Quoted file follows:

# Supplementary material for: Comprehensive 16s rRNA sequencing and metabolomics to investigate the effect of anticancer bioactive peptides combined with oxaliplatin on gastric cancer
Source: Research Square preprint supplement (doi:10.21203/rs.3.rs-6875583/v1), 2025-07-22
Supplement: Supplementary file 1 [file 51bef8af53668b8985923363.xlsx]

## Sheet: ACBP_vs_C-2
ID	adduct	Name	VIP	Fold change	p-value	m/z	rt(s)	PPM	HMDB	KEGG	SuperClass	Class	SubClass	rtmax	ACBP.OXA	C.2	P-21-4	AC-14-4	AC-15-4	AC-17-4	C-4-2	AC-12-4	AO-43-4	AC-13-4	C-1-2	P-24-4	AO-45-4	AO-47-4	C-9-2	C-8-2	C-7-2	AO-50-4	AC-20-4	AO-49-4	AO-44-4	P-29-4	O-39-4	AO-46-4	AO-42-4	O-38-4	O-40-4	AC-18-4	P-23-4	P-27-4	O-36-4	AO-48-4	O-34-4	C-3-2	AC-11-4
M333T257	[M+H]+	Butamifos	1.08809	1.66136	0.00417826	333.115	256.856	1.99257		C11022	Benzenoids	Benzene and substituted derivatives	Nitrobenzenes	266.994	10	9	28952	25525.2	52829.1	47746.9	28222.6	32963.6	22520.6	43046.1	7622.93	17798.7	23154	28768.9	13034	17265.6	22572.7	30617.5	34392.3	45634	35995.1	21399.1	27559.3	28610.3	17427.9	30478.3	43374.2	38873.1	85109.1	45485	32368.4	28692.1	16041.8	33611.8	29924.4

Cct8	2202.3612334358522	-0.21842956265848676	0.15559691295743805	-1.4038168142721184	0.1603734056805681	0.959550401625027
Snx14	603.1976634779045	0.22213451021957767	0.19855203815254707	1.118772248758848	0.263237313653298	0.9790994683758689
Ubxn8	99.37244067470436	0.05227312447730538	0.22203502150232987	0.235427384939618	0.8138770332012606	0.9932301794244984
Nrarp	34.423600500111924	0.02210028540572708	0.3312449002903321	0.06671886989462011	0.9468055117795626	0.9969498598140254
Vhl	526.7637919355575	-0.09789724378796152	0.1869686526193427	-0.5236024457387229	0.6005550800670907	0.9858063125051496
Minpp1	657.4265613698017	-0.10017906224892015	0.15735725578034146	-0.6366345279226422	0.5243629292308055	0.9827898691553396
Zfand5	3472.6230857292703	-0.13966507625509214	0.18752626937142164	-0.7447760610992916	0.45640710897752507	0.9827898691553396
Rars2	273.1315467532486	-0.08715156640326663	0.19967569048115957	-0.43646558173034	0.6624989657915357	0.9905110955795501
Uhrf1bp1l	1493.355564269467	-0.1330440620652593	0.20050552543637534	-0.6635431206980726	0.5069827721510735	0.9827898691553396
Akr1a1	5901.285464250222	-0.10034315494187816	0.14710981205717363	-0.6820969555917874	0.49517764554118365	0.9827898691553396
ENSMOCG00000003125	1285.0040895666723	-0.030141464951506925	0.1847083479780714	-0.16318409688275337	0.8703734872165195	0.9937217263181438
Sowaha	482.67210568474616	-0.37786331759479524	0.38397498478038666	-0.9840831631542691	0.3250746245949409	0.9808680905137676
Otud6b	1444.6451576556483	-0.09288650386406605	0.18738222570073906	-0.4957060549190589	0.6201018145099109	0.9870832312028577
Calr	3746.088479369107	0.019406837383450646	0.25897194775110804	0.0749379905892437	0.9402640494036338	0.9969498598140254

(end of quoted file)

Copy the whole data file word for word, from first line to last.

# Supplementary material for: Comprehensive 16s rRNA sequencing and metabolomics to investigate the effect of anticancer bioactive peptides combined with oxaliplatin on gastric cancer
Source: Research Square preprint supplement (doi:10.21203/rs.3.rs-6875583/v1), 2025-07-22
Supplement: Supplementary file 1 [file 51bef8af53668b8985923363.xlsx]

## Sheet: ACBP_vs_C-2
ID	adduct	Name	VIP	Fold change	p-value	m/z	rt(s)	PPM	HMDB	KEGG	SuperClass	Class	SubClass	rtmax	ACBP.OXA	C.2	P-21-4	AC-14-4	AC-15-4	AC-17-4	C-4-2	AC-12-4	AO-43-4	AC-13-4	C-1-2	P-24-4	AO-45-4	AO-47-4	C-9-2	C-8-2	C-7-2	AO-50-4	AC-20-4	AO-49-4	AO-44-4	P-29-4	O-39-4	AO-46-4	AO-42-4	O-38-4	O-40-4	AC-18-4	P-23-4	P-27-4	O-36-4	AO-48-4	O-34-4	C-3-2	AC-11-4
M333T257	[M+H]+	Butamifos	1.08809	1.66136	0.00417826	333.115	256.856	1.99257		C11022	Benzenoids	Benzene and substituted derivatives	Nitrobenzenes	266.994	10	9	28952	25525.2	52829.1	47746.9	28222.6	32963.6	22520.6	43046.1	7622.93	17798.7	23154	28768.9	13034	17265.6	22572.7	30617.5	34392.3	45634	35995.1	21399.1	27559.3	28610.3	17427.9	30478.3	43374.2	38873.1	85109.1	45485	32368.4	28692.1	16041.8	33611.8	29924.4

Cct8	2202.3612334358522	-0.21842956265848676	0.15559691295743805	-1.4038168142721184	0.1603734056805681	0.959550401625027
Snx14	603.1976634779045	0.22213451021957767	0.19855203815254707	1.118772248758848	0.263237313653298	0.9790994683758689
Ubxn8	99.37244067470436	0.05227312447730538	0.22203502150232987	0.235427384939618	0.8138770332012606	0.9932301794244984
Nrarp	34.423600500111924	0.02210028540572708	0.3312449002903321	0.06671886989462011	0.9468055117795626	0.9969498598140254
Vhl	526.7637919355575	-0.09789724378796152	0.1869686526193427	-0.5236024457387229	0.6005550800670907	0.9858063125051496
Minpp1	657.4265613698017	-0.10017906224892015	0.15735725578034146	-0.6366345279226422	0.5243629292308055	0.9827898691553396
Zfand5	3472.6230857292703	-0.13966507625509214	0.18752626937142164	-0.7447760610992916	0.45640710897752507	0.9827898691553396
Rars2	273.1315467532486	-0.08715156640326663	0.19967569048115957	-0.43646558173034	0.6624989657915357	0.9905110955795501
Uhrf1bp1l	1493.355564269467	-0.1330440620652593	0.20050552543637534	-0.6635431206980726	0.5069827721510735	0.9827898691553396
Akr1a1	5901.285464250222	-0.10034315494187816	0.14710981205717363	-0.6820969555917874	0.49517764554118365	0.9827898691553396
ENSMOCG00000003125	1285.0040895666723	-0.030141464951506925	0.1847083479780714	-0.16318409688275337	0.8703734872165195	0.9937217263181438
Sowaha	482.67210568474616	-0.37786331759479524	0.38397498478038666	-0.9840831631542691	0.3250746245949409	0.9808680905137676
Otud6b	1444.6451576556483	-0.09288650386406605	0.18738222570073906	-0.4957060549190589	0.6201018145099109	0.9870832312028577
Calr	3746.088479369107	0.019406837383450646	0.25897194775110804	0.0749379905892437	0.9402640494036338	0.9969498598140254